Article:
By Steve Moyer
It would be hard to imagine anyone more learned about the German spoken today in central Texas than Hans Boas. Serendipity brought him in contact with the folks, mostly elderly and numbering no more than ten thousand, who can still speak what is familiarly known as Texas German.
This part of Texas Hill Country is where former president Lyndon Johnson was reared. Johnson’s mother taught English to German-speaking children.
As for Boas’s chance encounter with the tongue as he was driving through Texas, he writes, “After having ordered lunch in a local restaurant, I overheard a conversation at the neighboring table. Three elderly gentlemen were discussing what types of hunting gear they should purchase for the upcoming hunting season. . . . I realized suddenly that they were speaking a variety of German that I had never heard before. . . . I started talking to them in German and learned about the formerly widespread use of German in central Texas and that only the ‘old-timers’ still knew how to speak German.”
Soon afterward, Boas began research that led to the NEH-funded The Life and Death of Texas German, which, in the parlance of linguists, is a longitudinal study delving into such things as diglossia (a situation, not bilingualism, in which two languages or dialects are spoken side by side in one community), morphosyntactic developments (referring in Boas’s study to case, word order, and loss of the preterite tense), koinéization (rapid language change among speakers of a variety of dialects who are suddenly in close contact), and German Sprachinseln, or speech islands.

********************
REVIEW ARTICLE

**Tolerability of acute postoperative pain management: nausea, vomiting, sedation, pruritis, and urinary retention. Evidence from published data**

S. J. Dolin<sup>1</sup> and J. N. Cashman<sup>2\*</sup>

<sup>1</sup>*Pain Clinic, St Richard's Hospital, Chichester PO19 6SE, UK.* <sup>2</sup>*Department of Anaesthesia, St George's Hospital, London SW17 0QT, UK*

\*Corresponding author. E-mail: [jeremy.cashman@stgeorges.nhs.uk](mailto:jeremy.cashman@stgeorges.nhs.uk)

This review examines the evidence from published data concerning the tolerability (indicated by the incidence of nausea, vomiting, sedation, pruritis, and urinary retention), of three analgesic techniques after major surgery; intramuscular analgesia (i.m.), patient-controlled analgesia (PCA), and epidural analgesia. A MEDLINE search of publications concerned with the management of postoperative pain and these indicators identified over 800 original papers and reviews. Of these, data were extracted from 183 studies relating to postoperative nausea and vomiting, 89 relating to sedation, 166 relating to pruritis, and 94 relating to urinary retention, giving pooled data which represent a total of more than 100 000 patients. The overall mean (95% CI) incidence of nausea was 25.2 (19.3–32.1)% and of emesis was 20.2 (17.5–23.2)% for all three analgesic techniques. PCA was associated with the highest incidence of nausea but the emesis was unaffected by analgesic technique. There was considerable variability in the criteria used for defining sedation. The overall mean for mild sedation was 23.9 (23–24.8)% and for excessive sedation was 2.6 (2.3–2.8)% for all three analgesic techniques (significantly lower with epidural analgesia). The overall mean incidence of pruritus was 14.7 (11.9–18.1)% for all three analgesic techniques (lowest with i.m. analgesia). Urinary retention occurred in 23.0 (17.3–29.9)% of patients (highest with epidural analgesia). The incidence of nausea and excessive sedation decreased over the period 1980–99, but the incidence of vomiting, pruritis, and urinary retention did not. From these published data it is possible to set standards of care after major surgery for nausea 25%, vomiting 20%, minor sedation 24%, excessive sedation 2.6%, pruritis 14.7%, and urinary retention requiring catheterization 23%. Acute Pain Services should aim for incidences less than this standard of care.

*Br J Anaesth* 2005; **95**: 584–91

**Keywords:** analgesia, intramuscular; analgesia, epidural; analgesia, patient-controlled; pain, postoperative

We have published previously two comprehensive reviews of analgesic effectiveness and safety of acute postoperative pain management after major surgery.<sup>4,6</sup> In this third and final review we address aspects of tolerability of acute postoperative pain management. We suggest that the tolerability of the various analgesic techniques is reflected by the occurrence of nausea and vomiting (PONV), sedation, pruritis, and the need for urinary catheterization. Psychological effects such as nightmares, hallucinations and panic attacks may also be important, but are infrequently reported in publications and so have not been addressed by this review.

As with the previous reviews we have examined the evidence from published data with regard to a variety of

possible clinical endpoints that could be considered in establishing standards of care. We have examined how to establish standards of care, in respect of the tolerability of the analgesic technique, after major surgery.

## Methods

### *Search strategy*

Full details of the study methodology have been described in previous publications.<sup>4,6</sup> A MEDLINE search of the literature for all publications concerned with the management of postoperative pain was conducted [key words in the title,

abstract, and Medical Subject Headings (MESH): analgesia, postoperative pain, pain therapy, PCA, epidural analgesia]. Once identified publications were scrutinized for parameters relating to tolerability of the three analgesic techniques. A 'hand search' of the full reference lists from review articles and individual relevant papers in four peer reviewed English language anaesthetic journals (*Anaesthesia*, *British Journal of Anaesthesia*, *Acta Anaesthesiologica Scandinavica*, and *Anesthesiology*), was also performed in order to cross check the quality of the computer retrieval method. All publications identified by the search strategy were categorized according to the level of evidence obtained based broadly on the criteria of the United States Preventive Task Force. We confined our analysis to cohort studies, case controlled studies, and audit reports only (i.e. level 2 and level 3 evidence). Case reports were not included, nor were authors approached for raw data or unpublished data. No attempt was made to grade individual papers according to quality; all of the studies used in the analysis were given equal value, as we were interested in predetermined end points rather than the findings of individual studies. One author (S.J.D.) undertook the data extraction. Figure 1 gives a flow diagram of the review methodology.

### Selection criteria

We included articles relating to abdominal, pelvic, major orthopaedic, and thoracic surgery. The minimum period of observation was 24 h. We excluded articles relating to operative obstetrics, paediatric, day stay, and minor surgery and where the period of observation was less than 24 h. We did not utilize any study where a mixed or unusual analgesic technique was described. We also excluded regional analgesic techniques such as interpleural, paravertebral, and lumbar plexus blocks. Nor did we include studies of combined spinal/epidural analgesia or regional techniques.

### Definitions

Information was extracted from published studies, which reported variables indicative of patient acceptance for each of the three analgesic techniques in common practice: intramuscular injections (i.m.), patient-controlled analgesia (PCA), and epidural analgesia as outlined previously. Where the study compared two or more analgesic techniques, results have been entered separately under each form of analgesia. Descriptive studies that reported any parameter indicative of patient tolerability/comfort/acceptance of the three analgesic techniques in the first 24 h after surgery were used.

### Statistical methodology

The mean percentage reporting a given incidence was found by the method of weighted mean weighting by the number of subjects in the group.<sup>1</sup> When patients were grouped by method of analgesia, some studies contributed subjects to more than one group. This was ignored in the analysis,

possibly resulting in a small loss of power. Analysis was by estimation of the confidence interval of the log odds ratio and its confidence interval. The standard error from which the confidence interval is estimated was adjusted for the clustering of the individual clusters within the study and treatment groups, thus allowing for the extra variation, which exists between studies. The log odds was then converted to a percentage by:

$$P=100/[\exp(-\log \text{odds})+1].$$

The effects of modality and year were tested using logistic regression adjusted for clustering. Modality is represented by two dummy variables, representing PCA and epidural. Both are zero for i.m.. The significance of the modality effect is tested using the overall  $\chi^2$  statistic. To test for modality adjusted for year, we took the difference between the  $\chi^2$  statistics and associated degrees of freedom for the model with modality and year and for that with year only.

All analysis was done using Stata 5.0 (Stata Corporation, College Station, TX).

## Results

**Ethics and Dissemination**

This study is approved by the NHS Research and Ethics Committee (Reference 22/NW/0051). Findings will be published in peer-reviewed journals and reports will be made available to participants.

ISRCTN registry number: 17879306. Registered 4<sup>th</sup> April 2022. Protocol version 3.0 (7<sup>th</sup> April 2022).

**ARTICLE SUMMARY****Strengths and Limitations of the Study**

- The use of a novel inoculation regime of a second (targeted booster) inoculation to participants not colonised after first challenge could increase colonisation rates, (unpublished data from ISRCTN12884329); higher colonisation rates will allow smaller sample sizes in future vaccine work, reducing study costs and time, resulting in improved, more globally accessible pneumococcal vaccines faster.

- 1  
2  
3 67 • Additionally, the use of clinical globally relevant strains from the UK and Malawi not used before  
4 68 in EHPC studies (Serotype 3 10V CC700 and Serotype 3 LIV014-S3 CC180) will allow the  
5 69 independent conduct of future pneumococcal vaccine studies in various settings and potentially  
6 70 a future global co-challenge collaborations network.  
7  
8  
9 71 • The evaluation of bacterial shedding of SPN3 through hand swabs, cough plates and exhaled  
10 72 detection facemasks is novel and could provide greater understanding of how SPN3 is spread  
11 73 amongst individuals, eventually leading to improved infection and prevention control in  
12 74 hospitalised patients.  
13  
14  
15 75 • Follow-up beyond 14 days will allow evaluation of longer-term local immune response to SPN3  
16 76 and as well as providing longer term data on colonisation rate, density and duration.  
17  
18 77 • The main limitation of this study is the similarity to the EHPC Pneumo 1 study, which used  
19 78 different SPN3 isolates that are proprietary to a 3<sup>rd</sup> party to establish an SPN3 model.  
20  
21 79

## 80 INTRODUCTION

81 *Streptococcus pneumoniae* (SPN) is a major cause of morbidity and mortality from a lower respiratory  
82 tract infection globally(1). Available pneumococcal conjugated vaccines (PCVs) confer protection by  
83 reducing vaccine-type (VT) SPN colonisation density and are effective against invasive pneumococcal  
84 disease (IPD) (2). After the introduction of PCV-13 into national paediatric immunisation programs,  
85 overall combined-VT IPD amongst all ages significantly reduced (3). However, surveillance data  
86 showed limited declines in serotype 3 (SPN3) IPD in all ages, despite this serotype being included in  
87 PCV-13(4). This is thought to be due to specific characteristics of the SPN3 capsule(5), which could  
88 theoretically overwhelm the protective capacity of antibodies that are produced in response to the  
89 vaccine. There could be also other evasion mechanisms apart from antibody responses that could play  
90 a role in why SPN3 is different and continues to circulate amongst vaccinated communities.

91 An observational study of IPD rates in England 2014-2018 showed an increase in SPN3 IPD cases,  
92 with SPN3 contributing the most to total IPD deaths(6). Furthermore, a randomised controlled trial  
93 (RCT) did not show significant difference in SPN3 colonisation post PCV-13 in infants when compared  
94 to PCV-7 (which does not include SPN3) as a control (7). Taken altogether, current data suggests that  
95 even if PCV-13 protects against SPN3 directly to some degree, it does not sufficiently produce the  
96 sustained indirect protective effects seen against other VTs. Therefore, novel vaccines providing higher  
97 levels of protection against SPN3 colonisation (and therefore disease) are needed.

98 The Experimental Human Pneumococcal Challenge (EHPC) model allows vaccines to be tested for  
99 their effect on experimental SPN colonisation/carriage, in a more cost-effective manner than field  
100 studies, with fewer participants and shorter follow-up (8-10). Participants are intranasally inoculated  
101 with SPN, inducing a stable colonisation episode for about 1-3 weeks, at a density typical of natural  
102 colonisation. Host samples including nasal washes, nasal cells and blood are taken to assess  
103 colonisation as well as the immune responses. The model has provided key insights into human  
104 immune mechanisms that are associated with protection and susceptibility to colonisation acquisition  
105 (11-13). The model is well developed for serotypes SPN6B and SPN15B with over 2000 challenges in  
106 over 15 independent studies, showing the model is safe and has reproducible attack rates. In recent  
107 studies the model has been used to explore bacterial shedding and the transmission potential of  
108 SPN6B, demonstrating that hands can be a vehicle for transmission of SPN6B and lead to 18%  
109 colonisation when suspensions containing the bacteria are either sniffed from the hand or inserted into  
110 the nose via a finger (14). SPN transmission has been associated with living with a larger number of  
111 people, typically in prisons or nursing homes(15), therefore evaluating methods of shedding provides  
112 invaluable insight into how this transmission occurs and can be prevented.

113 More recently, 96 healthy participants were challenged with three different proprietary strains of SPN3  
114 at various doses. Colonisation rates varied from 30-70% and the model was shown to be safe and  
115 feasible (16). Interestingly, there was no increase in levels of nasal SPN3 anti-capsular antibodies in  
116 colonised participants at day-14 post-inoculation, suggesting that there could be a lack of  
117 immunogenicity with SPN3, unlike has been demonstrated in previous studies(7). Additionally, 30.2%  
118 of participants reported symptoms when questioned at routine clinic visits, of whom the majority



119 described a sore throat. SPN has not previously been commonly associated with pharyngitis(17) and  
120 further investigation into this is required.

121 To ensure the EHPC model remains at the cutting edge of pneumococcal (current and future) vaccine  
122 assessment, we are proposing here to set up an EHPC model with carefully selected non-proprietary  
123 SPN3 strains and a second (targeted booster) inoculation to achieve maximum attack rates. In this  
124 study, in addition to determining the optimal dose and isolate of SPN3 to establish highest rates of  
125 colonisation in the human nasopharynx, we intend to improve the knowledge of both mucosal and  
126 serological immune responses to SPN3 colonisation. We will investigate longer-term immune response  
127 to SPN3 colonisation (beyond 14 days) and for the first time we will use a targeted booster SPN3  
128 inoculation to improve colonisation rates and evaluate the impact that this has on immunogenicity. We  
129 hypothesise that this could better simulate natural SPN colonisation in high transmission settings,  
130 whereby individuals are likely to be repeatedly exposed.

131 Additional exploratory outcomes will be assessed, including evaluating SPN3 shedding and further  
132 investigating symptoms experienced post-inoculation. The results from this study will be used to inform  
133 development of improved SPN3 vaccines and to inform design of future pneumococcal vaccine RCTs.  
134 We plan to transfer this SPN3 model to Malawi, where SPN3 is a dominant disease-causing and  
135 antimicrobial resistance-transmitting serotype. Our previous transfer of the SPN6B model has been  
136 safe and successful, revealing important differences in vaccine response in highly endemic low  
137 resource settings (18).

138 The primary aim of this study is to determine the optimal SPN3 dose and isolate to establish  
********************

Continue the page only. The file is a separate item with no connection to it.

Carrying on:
Out of the six thousand languages spoken in the world today, only about three thousand will remain a hundred years from now. Through studies such as Boas’s, linguists hope to understand the reasons for the rapid extinction of languages. After studying the many ways languages and dialects can change, especially in isolation, from generation to generation, Boas concludes Texas German’s inevitable demise in a generation comes down to a domino effect triggered by English-only laws in the early twentieth century prohibiting the use of German as a language of instruction in schools.